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Arya (Skt. ārya; P. ariya; T. phags pa འཕགས་པ་; C. sheng 聖) is translated as "noble," "not ordinary," "valuable," "superior," "precious,"[1] "pure,"[2] etc. Arya in the sense of "noble" or "exalted" is frequently used in Buddhist texts to designate a spiritual warrior or hero.

The term is used in the following contexts:

  • The Four Noble Truths are called the catvāry ārya satyāni (Sanskrit) or cattāri ariya saccāni (Pali).
  • The Noble Eightfold Path is called the ārya mārga (Sanskrit, also āryāṣṭāṅgikamārga) or ariya magga (Pāli).
  • Buddha's Dharma and Vinaya are the ariyassa dhammavinayo.
  • arya pudgala are disciples of the Buddha who have reached high stages of realization, specifically one of the four stages of the supramundane path.
  • arya sangha are the community of arya puggalas.
  • an ārya can refer to those who follow the Buddhist path and have developed virtue (śīla).

Those who despise Buddhism are often called "anāryas".

Within the Four Noble Truths

In the context of the four noble truths (Sanskrit: arya satya; Pali: ariya sacca), arya refers to the truths perceived by highly realized beings (worthy ones; arya pudgala).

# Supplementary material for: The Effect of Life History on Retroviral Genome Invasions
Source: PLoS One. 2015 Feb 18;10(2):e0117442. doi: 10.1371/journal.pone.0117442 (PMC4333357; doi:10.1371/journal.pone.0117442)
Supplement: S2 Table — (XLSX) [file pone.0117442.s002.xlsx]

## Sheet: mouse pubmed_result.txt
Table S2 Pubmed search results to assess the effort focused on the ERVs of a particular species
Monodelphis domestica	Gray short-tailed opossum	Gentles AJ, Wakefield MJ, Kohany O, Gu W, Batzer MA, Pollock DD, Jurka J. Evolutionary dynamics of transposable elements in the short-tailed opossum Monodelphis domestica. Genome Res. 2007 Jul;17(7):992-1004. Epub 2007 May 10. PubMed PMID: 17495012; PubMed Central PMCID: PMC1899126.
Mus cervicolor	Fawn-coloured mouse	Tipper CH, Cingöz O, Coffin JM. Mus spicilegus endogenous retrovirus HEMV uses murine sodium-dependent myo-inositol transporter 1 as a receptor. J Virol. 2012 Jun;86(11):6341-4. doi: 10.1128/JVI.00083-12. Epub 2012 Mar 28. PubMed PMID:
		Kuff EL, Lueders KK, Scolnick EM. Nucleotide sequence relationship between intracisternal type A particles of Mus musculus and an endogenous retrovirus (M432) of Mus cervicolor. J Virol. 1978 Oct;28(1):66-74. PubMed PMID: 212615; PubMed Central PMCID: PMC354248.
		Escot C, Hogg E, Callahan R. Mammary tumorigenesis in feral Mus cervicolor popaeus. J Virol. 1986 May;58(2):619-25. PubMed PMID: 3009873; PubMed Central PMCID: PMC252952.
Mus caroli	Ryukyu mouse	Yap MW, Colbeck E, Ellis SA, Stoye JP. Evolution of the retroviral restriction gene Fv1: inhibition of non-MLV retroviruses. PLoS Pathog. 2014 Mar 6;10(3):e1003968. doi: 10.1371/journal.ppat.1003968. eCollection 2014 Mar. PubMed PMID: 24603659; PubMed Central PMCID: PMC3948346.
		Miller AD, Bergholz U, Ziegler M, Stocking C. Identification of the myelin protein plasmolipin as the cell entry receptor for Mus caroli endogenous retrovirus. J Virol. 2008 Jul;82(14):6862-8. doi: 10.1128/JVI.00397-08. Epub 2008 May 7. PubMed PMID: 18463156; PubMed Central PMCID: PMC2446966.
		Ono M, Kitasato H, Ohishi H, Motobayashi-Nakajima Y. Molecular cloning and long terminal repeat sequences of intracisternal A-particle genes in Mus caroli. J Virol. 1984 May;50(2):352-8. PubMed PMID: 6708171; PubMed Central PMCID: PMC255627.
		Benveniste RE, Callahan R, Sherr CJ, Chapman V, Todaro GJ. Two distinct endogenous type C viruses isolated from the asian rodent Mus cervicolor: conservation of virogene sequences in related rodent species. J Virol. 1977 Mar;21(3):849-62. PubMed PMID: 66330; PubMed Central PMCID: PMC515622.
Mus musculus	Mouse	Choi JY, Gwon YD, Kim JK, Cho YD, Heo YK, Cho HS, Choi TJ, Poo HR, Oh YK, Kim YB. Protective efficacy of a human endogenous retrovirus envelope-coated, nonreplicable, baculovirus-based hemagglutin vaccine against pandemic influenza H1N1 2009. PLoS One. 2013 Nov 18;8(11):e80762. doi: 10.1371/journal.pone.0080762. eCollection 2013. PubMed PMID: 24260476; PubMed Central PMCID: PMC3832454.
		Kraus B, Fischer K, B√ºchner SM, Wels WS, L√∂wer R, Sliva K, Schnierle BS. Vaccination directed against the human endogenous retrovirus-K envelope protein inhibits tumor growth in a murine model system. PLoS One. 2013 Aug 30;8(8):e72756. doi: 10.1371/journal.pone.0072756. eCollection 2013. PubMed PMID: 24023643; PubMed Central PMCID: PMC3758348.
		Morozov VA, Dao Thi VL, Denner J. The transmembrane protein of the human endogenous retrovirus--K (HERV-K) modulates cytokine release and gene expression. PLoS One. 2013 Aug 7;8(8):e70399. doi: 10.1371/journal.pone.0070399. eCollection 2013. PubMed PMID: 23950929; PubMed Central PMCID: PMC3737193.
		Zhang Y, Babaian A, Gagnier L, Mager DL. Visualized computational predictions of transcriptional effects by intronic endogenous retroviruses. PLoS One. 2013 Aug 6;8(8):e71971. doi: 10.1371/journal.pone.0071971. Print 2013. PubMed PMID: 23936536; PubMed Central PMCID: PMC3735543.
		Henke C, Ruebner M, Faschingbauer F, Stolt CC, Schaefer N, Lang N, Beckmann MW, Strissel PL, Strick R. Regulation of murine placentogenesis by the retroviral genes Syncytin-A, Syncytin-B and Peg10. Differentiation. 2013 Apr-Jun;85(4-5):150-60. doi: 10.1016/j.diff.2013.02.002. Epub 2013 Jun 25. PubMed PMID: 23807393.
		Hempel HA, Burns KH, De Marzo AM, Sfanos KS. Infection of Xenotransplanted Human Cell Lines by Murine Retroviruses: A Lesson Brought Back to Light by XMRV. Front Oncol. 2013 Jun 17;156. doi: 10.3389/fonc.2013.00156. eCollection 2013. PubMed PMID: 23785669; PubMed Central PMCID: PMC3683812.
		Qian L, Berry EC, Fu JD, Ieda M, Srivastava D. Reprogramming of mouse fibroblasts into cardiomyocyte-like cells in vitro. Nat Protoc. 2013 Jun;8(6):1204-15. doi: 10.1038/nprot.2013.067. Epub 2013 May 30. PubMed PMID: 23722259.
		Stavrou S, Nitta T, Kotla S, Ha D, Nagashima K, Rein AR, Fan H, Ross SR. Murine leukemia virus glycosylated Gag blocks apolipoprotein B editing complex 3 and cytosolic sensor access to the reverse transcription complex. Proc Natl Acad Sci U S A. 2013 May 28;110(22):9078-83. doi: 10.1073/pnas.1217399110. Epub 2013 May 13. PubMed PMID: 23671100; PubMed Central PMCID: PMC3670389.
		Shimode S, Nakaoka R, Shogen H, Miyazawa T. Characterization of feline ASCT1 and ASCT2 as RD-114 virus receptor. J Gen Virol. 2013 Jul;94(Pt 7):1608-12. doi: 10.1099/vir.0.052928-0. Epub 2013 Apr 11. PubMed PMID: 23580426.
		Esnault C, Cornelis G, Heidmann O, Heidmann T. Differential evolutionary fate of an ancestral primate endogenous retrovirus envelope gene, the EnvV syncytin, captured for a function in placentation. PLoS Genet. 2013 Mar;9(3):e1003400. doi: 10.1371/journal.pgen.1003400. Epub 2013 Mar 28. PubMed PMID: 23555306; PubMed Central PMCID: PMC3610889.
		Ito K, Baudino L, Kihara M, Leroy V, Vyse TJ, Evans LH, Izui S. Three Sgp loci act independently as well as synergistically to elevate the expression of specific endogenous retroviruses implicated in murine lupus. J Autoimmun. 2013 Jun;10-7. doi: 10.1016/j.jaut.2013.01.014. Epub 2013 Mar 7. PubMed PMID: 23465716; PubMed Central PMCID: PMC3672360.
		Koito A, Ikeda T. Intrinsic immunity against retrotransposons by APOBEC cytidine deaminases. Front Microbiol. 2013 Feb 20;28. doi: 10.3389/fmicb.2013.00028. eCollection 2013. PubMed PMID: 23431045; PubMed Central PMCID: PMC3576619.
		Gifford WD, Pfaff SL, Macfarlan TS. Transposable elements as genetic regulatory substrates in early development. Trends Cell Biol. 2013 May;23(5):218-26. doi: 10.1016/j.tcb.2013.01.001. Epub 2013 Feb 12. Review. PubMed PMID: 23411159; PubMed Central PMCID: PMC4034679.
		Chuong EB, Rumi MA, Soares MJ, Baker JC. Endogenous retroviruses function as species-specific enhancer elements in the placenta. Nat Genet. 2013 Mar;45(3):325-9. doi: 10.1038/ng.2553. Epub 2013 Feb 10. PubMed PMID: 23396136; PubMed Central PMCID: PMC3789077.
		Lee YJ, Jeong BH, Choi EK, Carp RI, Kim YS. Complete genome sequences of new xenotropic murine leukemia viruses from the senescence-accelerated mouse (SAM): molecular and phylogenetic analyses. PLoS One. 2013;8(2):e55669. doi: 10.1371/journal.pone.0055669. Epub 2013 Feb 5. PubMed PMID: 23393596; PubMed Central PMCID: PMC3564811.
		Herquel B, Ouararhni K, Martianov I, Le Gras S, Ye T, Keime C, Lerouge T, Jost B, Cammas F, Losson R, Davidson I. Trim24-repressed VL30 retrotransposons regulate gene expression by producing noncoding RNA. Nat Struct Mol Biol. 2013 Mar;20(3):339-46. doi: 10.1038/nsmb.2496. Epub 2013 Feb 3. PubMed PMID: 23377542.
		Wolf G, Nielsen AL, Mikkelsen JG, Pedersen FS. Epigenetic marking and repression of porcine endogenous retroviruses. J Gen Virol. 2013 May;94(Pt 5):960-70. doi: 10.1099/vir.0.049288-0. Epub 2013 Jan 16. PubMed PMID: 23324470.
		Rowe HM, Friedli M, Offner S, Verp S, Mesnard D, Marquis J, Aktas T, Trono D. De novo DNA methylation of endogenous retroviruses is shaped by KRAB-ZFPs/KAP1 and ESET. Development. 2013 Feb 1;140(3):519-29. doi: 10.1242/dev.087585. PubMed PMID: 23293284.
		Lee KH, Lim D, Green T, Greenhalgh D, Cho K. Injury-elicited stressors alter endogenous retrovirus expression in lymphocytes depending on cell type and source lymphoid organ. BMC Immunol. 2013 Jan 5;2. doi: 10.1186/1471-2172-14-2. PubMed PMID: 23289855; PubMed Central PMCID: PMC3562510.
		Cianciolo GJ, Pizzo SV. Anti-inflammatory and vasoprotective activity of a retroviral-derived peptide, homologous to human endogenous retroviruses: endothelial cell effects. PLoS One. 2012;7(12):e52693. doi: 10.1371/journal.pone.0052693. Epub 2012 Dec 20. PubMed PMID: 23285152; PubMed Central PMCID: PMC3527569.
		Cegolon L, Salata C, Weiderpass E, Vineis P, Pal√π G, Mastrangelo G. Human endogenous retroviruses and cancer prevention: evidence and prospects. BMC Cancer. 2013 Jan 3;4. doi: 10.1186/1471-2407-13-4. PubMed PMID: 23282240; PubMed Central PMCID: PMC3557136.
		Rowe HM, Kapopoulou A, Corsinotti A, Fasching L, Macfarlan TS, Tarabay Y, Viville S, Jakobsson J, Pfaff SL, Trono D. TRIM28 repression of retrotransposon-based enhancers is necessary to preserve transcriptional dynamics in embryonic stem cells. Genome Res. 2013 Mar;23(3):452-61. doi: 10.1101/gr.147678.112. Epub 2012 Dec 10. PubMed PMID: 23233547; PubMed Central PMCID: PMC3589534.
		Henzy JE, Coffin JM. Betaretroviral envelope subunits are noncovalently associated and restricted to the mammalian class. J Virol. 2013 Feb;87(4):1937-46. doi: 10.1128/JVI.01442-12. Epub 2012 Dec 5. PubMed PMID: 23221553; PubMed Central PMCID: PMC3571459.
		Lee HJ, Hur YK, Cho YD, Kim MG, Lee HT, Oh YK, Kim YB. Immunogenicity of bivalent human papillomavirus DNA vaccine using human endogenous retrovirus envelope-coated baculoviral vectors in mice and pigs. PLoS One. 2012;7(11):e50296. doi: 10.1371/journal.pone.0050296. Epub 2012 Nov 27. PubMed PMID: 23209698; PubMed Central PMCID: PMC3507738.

Geshe Tashi Tsering states:

The modifier noble [i.e. arya] means truth as perceived by arya beings, those beings who have had a direct realization of emptiness or selflessness. Noble means something seen by arya beings as it really is, and in this case it is four recognitions—suffering, origin, cessation, and path. Arya beings see all types of suffering—physical and mental, gross and subtle—exactly as they are, as suffering. For people like us, who do not have the direct realization of emptiness, although we may understand certain levels of physical and mental experiences as suffering, it is impossible for us to see all the levels of suffering for what they are. Instead we may see some things as desirable when in truth they are suffering.[3]


  1. Ajahn Sucitto 2010, Kindle Location 122.
  2. Mingyur Rinpoche 2007, p. 70.
  3. Geshe Tashi Tsering 2005, Kindle Locations 349-350.


  • Ajahn Sumedho (2002), The Four Noble Truths, Amaravati Publications 
  • Ajahn Sucitto (2010), Turning the Wheel of Truth: Commentary on the Buddha's First Teaching, Shambhala 
  • Bronkhorst, J.; Deshpande, M.M., eds. (1999), Aryan and Non-Aryan in South Asia: Evidence, Interpretation, and Ideology, Department of Sanskrit and Indian Studies, Harvard University, ISBN 1-888789-04-2 
  • Geshe Tashi Tsering (2005), The Four Noble Truths: The Foundation of Buddhist Thought, Volume I, Wisdom, Kindle Edition 
  • Mingyur Rinpoche (2007), The Joy of Living: Unlocking the Secret and Science of Happiness, Harmony Kindle Edition